"how we define the worth of adding more features. For me, it is worth it if you are doing something for the human being who will be using the feature."So a focus on user need is important, as if by magic later that day I read the brilliant post How to Work with Designers that suggests the way to get the most out of working with designers is to focus on user need, for example:
"... the language here matters. Make it easier for users to sign up vs. Optimize the conversion rate on the sign-up flow. One approach speaks to the value for the end user. The other approach focuses on what the company needs to do to be successful. Designers generally think and operate in the mindset of the user."I think this is actually useful advice for all the project team, let what the user will see and/or experience be the lens through which you see that fancy new feature.
Looking at the other side of the fence from a developer's point of view Sometimes less is more in language design probably explains some of the original intentions above. Simplicity should be the base and complexity layered on top as needed, you shouldn't start off complex otherwise things will get unwieldy.
An example from my real life, recently I've moved office building and the new kitchen has a "fancy" microwave. Most microwave ovens I've used have two dials - time and power - and at most two buttons - start, stop/open door. These covers pretty much anything I'd want to set on a basic oven. Unfortunately the makers of this microwave had decided it would be useful to let the user alter the time and power in combination according to the weight and type of food being heated up. This means it has various buttons and an LCD display. It took multiple attempts (including resetting the clock!) before the floor's receptionist rescued me and told me I had to press start for each 30 seconds I wanted to heat it up and then wait, after a short pause of no buttons being pressed it would heating. Here more is most definitely less, it doesn't meet any unmet need I had and is much harder to use the basic functionality.
Another more practical example of when less really is more in the world of IT products came in the Tnooz article Why we ditched mobile and hitched to tablet gives a good example of how when you know the market and have data on how it works you can make decisions to concentrate on features that are useful and meet a need. Although going mobile seems a no brainer and a good feature to have, that's if your product is in advanced booking it might not be the best option. Here is Anshuman Bapna describing how took the decision and viewed the experience they wanted to create:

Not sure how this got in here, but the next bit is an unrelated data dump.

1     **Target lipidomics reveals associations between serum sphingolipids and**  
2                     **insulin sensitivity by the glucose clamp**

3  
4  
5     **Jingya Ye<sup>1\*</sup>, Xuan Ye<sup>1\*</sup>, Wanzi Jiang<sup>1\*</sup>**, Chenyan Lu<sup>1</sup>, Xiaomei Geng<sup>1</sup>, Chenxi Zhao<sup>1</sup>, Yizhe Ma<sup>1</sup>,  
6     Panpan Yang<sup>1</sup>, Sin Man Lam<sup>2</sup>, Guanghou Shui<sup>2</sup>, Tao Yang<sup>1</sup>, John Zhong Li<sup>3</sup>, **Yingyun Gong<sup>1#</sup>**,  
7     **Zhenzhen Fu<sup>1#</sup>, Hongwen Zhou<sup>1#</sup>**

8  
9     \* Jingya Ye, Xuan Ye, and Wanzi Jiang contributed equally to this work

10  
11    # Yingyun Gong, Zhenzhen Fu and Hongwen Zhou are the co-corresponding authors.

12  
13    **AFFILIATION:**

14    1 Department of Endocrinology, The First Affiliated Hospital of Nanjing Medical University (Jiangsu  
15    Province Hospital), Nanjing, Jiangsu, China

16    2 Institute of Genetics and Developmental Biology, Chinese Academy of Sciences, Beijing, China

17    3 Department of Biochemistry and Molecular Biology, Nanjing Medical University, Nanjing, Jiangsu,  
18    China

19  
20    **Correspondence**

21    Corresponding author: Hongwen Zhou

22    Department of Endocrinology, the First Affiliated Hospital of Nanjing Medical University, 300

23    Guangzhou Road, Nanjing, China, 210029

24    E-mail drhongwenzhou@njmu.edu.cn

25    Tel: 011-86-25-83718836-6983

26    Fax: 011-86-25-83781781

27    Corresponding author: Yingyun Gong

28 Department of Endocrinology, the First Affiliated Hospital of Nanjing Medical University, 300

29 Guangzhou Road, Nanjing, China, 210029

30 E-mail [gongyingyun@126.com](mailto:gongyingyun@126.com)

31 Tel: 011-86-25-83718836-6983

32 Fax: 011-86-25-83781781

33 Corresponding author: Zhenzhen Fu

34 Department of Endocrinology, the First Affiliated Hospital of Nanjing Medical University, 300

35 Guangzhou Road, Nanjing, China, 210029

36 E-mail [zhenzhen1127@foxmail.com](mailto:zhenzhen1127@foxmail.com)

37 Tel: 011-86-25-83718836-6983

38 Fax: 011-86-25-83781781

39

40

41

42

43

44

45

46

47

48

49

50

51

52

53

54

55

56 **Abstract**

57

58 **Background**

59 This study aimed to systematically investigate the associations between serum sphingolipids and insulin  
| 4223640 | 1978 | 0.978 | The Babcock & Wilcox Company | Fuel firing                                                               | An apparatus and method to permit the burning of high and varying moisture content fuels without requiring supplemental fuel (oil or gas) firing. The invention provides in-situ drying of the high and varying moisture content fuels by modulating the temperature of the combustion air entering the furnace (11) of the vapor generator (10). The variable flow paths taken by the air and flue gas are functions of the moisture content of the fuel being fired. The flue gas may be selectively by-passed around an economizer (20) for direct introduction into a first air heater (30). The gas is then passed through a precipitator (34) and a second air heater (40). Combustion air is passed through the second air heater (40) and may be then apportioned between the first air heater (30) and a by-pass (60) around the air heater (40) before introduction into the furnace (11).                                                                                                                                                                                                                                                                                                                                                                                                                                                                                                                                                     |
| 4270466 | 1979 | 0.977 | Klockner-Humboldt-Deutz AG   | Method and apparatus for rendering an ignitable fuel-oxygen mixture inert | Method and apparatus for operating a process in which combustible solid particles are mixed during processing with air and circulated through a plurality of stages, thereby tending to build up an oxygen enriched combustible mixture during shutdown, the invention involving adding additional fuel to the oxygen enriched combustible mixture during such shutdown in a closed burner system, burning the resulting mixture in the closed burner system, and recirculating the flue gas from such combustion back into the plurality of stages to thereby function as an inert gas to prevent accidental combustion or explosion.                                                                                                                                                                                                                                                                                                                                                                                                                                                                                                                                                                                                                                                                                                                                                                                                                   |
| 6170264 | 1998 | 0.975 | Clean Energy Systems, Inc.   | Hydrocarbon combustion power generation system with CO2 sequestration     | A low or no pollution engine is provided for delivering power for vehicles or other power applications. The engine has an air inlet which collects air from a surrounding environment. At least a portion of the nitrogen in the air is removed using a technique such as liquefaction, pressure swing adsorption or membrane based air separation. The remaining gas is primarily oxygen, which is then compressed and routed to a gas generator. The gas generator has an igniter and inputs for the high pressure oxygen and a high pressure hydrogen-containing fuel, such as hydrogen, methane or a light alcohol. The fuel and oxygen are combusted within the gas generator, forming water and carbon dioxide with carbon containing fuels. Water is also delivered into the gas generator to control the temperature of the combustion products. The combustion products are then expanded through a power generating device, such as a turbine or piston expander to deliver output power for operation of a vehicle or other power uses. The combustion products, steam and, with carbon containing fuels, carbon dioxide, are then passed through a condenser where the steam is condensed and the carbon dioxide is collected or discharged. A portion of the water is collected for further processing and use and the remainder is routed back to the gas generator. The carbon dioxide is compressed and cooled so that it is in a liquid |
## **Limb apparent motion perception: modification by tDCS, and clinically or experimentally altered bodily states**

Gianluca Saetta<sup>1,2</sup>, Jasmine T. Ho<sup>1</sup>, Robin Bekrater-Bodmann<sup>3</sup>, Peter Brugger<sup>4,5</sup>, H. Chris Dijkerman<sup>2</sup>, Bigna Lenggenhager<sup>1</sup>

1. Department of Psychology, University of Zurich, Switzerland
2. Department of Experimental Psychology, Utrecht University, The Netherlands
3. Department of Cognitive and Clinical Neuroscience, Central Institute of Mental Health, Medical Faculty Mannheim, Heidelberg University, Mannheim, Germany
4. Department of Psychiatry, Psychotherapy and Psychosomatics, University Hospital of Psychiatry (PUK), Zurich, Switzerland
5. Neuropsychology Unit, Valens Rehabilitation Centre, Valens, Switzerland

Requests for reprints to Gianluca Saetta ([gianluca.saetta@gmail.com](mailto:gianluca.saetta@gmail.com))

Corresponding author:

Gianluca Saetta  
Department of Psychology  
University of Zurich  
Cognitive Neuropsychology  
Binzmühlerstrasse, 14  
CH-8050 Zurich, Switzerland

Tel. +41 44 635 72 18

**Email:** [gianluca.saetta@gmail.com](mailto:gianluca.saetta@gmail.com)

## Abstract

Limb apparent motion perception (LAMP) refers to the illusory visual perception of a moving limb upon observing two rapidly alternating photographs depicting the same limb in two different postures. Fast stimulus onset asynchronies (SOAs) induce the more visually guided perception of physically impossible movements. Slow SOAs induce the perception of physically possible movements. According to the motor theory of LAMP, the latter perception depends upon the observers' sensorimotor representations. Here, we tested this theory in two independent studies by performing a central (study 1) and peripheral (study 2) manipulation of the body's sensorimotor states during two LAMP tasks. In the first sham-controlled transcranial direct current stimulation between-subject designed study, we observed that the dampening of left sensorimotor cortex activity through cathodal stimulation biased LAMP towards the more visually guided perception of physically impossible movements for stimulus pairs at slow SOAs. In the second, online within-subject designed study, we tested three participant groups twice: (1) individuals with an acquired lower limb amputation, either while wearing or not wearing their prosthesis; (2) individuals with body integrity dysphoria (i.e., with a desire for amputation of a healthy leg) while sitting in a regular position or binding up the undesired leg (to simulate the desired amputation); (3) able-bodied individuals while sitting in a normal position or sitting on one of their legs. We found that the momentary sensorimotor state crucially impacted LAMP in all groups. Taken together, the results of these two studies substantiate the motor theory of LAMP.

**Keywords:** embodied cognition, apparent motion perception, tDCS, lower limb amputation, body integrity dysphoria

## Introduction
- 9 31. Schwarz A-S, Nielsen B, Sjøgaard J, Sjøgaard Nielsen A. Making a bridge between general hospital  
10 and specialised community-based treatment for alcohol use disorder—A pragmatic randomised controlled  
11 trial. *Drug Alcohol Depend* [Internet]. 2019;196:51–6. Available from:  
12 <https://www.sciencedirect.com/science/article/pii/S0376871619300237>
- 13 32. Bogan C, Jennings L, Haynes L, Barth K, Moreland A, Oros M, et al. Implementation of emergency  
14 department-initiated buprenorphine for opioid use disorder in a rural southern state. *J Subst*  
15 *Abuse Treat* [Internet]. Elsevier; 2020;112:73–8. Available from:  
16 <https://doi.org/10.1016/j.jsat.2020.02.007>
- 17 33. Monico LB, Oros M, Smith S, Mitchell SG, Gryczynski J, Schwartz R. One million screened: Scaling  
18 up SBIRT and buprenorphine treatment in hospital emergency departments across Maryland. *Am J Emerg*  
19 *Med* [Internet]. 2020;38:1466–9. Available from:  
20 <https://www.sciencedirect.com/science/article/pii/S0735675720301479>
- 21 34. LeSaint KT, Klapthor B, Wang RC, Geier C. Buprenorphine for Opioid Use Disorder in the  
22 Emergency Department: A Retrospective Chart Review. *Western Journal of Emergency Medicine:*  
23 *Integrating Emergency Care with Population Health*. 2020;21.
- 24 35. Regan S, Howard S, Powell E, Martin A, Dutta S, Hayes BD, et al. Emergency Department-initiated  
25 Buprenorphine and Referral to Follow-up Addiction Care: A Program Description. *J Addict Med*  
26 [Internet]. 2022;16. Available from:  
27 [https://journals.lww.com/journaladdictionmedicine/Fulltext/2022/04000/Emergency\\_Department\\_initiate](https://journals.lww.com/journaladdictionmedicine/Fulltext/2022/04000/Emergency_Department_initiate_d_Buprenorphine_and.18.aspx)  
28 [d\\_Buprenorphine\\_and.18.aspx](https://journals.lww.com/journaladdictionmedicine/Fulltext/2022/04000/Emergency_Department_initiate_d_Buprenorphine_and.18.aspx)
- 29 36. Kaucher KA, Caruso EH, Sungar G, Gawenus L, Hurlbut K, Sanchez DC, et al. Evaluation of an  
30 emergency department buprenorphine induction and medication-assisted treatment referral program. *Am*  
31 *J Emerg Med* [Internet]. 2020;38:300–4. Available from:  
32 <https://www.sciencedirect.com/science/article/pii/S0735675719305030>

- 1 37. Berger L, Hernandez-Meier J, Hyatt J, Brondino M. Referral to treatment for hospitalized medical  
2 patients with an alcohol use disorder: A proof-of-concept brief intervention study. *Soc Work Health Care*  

"we always thought that travel planning should be a lean-back, sit-with-your-partner-on-the-sofa, browse-a-magazine kind of an experience. That screamed tablets, not mobile phones.
So to begin with, we decided to ignore mobile."
So, "less is more" seems to be a poor phrase to use as a guiding principle in product development; and can lead to frustration and miscommunication between different stakeholders. If you're going to use a single phrase I would prefer "build the right thing", the right thing can be a bit vague but I'd try and use these two principles to find out what's right for now:
- focus on the user needs
- use your experience in the market place to the maximum
Further readingPrioritizing Joy By Drew Colthorp at Atomic Object (Posted August 20, 2013) a slightly different look at building the "right product, instead of merely the most feature-complete product." including brand and emotional response.
SourcesWhy the ‘less is more’ concept in software design often falls short of its intentions Amadeus blog by Jean-Noel Lau Keng Lun Head of Product Management Corporate, Services and Security, Amadeus IT Group (posted August 1, 2013)
Why we ditched mobile and hitched to tablet Tnooz "Special Nodes" blog post by Anshuman Bapna, CEO and co-founder of mygola, a trip planning portal. (posted August 15, 2013 )
Sometimes less is more in language design "Haskell for all" blog post by Gabriel Gonzalez (posted August 2, 2013)
How to Work with Designers Medium post by Julie Zhou (posted August 15, 2013)
Confirmation bias entry on Wikipedia